Here are 10 Facts about Bryce Canyon National Park that you probably didn’t know! These cool facts are great to learn or brush up on before going into the park! Whether you're coming out for fun, bridals, an elopement, or even just wanted to learn more about this incredible park, here are the Top 10 interesting facts about Bryce Canyon.
#1. Where did Bryce get its name?
The name Bryce comes from Ebenezer Bryce, a Mormon settler who stumbled upon the area trying to round up cattle. He described it as a “helluva place to lose a cow”. That leads us to the next fact…
#2. Despite its name, it’s not actually a Canyon
Bryce Canyon is actually a vast stretch of natural amphitheaters etched into the expansive Paunsaugunt Plateau. In any case, it makes for a stunning view!
#3. It officially became a National Park in 1928
While it was initially protected as a National Monument in 1923, just 5 years later it was changed to a National Park in 1928 (roughly 54 years after Ebenezer Bryce settled there). It’s also the smallest national park in Utah (though definitely not one to miss).
#4. Bryce Canyon is famous for its unusual imagery
Possibly one of the most distinct parks out there, Bryce Canyon is known for its beautiful red and white textures, slot canyons, windows and tall spires known as “hoodoos”.
Cool bonus fact: The park is home to more hoodoos than anywhere else in the world, making its trails feel maze-like (and like something out of a movie). Several of the trails you can actually visit in just one day.
#5. Among its amazing formations is Thor’s Hammer
Near the park’s visitor’s center is a hike called Sunrise Point, home of the famous natural rock formation known as “Thor’s Hammer”. It’s one of the most iconic hoodoos in the park, formed from thousands of years of erosion.
#6. More than 2.5 million visitors come every year
The park has seen significant growth in recent years due to its growing popularity and unique geography. It is much easier to get around than it’s neighboring park, Zion.
#7. It used to be home to Anasazi, Paiute, and Fremont
These three groups once inhabited the area (remnants of which can sometimes be found throughout the park). Archeologists have found evidence that the Plateau has been visited by people as far back as 10,000 years ago. Due to its harsh winters, however, they were unlikely to have taken up permanent residence. It’s still home to a number of amazing animals such as porcupines, mule dear, coyotes, and even Peregrine Falcons.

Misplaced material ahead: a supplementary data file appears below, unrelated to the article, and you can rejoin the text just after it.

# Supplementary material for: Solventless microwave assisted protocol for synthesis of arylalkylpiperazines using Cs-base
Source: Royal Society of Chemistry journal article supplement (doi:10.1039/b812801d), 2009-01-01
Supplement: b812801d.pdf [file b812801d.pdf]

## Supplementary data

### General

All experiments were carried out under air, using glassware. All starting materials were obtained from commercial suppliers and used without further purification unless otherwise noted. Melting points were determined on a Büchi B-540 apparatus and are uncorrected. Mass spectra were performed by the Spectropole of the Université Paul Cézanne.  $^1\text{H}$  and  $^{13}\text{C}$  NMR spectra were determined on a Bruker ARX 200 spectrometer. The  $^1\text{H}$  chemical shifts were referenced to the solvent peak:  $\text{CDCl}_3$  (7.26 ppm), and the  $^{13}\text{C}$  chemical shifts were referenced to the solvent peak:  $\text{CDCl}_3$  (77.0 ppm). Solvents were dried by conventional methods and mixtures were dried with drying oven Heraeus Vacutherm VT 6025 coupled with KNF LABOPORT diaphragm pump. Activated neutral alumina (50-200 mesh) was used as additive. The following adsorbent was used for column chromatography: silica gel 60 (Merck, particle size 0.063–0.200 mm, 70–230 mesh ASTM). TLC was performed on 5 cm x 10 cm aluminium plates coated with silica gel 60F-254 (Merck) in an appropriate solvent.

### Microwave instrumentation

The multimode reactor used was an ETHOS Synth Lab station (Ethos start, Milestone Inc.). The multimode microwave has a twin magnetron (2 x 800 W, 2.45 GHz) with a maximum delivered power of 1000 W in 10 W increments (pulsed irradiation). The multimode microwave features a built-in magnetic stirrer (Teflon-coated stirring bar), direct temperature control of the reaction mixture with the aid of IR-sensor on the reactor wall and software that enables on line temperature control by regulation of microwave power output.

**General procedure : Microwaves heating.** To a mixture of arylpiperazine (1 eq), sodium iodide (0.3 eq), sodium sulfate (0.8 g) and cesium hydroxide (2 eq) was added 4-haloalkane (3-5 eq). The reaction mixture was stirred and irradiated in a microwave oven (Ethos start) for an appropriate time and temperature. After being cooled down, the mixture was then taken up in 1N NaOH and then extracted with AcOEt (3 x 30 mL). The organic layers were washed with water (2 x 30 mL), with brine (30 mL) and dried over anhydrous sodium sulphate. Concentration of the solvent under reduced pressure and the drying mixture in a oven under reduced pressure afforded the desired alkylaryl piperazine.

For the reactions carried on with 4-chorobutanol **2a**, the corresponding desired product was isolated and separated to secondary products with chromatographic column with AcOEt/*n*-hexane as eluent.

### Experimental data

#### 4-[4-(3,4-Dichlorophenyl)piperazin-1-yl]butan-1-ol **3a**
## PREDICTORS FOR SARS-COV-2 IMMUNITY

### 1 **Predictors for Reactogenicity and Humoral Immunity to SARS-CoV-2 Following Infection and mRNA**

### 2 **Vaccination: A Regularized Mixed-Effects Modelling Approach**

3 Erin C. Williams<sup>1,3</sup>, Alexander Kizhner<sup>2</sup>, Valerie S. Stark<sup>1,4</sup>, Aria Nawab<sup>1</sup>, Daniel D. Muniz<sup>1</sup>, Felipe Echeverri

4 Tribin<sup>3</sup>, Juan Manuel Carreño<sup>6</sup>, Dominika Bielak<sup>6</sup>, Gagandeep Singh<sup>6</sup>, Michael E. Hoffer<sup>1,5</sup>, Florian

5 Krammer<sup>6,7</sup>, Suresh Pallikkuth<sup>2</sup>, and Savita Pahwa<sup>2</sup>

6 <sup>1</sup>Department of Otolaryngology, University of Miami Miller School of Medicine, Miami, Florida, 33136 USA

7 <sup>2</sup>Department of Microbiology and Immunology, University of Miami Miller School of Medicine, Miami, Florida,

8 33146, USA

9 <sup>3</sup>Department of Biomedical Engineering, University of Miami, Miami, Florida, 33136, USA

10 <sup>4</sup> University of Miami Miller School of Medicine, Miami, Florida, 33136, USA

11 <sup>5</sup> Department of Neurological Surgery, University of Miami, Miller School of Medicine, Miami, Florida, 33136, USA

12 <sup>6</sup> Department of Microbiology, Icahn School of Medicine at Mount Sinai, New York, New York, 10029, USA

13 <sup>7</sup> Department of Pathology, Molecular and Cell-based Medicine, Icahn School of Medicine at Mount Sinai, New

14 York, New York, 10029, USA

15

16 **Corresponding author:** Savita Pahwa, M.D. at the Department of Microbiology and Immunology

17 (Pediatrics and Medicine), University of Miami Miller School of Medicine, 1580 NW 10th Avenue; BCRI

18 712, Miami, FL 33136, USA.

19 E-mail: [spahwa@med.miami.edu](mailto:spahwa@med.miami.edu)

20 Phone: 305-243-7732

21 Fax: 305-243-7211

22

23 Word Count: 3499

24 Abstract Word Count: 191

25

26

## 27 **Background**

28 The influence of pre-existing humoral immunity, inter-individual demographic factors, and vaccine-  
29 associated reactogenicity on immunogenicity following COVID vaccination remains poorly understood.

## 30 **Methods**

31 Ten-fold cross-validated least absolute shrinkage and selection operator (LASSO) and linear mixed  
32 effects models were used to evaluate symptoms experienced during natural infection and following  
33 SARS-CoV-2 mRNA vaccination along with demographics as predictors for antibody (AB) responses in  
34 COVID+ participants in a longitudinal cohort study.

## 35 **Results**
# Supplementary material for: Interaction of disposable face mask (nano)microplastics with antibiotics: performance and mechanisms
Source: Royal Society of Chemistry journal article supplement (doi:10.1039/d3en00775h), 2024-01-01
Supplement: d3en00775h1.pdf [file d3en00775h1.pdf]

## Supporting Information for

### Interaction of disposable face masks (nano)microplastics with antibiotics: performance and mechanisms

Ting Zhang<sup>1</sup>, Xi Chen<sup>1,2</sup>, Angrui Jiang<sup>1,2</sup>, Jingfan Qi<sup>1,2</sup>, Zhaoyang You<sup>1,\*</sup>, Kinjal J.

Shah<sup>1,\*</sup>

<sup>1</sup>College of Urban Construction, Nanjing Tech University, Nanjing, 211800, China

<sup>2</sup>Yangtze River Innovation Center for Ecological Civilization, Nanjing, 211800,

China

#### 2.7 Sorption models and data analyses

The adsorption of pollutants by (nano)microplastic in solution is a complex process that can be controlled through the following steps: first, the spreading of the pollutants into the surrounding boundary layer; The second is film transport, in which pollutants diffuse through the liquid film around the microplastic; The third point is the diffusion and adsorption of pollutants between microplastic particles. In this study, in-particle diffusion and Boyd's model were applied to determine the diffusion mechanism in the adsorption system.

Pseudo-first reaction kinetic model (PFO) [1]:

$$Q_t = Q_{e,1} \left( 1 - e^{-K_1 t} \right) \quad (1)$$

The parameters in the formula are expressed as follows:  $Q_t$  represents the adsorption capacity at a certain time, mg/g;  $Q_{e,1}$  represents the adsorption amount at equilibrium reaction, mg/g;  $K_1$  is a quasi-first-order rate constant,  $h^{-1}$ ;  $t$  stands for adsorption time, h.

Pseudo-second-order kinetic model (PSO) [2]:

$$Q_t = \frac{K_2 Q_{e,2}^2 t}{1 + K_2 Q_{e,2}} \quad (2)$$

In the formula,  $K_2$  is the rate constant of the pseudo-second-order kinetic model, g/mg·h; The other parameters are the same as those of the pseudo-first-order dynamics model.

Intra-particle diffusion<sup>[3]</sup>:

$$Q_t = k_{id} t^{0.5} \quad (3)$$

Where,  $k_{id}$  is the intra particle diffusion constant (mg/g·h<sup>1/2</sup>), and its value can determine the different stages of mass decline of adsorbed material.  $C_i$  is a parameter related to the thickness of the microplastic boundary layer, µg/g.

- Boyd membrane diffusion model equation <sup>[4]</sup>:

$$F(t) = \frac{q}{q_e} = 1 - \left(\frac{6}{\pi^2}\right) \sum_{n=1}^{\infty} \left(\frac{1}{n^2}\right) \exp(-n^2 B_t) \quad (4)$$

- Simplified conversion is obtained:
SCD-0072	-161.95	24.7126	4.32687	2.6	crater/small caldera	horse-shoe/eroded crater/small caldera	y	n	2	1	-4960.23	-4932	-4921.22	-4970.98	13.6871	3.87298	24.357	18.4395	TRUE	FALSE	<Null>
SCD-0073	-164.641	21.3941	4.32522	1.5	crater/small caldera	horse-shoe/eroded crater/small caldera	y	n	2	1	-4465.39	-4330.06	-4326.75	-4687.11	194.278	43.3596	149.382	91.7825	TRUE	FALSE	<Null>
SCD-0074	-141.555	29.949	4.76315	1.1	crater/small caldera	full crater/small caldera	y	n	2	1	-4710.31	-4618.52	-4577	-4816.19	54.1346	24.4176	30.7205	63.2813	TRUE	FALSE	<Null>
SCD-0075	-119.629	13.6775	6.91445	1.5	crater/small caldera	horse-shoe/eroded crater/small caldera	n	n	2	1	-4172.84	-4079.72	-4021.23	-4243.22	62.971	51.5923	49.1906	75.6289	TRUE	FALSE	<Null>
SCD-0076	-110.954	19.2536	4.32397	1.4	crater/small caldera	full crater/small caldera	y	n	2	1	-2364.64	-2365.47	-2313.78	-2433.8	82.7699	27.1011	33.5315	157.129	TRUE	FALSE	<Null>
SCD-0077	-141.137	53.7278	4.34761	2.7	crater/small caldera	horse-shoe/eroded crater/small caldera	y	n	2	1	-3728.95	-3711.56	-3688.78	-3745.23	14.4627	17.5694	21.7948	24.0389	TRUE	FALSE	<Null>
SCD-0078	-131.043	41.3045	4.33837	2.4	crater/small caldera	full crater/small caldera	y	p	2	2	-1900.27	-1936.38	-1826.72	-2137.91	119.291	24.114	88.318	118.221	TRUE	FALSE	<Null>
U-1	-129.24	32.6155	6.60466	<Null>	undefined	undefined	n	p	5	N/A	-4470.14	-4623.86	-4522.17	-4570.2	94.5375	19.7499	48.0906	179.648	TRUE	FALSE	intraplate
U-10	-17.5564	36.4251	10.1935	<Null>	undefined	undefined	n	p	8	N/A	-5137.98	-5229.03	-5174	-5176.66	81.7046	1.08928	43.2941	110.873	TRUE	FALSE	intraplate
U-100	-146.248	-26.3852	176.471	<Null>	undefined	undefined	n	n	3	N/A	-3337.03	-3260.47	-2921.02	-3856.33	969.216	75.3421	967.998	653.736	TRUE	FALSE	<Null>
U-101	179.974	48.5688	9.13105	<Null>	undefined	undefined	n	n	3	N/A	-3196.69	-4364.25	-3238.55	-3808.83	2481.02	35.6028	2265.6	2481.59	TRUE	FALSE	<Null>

Photo by Brittany Hamann Photography
#8. Bryce Canyon’s night skies are perfect for stargazing
The nights are so clear and dark, it makes for an incredible view of the stars– so much so in fact that astronomy programs are occasionally offered nearby.
Photo by Adventure & Vow
#9. The road from Bryce to Zion National Park is only 72 miles apart
Wanting to hit two parks in one visit? Wondering how far it is from Bryce Canyon National Park to Zion National Park? Luckily it’s only about an hour and a half drive, though both parks will take longer than that to explore properly.
We definitely recommend taking your time in Bryce– it’s just fun to know you don’t have to travel far to see another amazing park full of incredible hikes.
Photo by Casandrah Jensen Photography
#10. Some believe they can see faces in the rocks
Native Americans used to call the place “Angka-ku-wass-a-wits”, or “red-painted faces”. It was believed that if you looked closer at the hoodoos and rocks, you could see the faces of those who turned to stone! Spooky!
The images attributed to Ashley & Justin Photography and were featured in the children's book Dilbert the Duck Visits Bryce Canyon National Park.